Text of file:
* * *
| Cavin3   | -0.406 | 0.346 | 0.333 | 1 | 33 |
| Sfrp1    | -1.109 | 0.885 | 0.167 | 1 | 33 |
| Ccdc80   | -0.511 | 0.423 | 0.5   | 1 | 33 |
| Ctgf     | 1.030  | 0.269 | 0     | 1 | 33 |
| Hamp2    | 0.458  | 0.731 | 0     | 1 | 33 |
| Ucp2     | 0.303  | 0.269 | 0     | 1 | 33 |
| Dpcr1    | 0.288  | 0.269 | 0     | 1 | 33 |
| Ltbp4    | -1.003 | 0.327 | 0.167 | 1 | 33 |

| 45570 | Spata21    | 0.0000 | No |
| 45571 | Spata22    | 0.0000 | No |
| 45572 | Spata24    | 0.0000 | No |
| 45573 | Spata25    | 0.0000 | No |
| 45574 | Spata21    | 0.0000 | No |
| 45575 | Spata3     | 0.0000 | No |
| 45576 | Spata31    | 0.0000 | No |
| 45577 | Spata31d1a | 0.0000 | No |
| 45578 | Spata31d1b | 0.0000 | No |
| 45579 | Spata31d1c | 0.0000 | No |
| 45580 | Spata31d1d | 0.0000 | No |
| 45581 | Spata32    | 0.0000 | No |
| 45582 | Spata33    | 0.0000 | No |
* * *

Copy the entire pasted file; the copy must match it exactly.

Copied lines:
| Cavin3   | -0.406 | 0.346 | 0.333 | 1 | 33 |
| Sfrp1    | -1.109 | 0.885 | 0.167 | 1 | 33 |
| Ccdc80   | -0.511 | 0.423 | 0.5   | 1 | 33 |
| Ctgf     | 1.030  | 0.269 | 0     | 1 | 33 |
| Hamp2    | 0.458  | 0.731 | 0     | 1 | 33 |
| Ucp2     | 0.303  | 0.269 | 0     | 1 | 33 |
| Dpcr1    | 0.288  | 0.269 | 0     | 1 | 33 |
| Ltbp4    | -1.003 | 0.327 | 0.167 | 1 | 33 |

| 45570 | Spata21    | 0.0000 | No |
| 45571 | Spata22    | 0.0000 | No |
| 45572 | Spata24    | 0.0000 | No |
| 45573 | Spata25    | 0.0000 | No |
| 45574 | Spata21    | 0.0000 | No |
| 45575 | Spata3     | 0.0000 | No |
| 45576 | Spata31    | 0.0000 | No |
| 45577 | Spata31d1a | 0.0000 | No |
| 45578 | Spata31d1b | 0.0000 | No |
| 45579 | Spata31d1c | 0.0000 | No |
| 45580 | Spata31d1d | 0.0000 | No |
| 45581 | Spata32    | 0.0000 | No |
| 45582 | Spata33    | 0.0000 | No |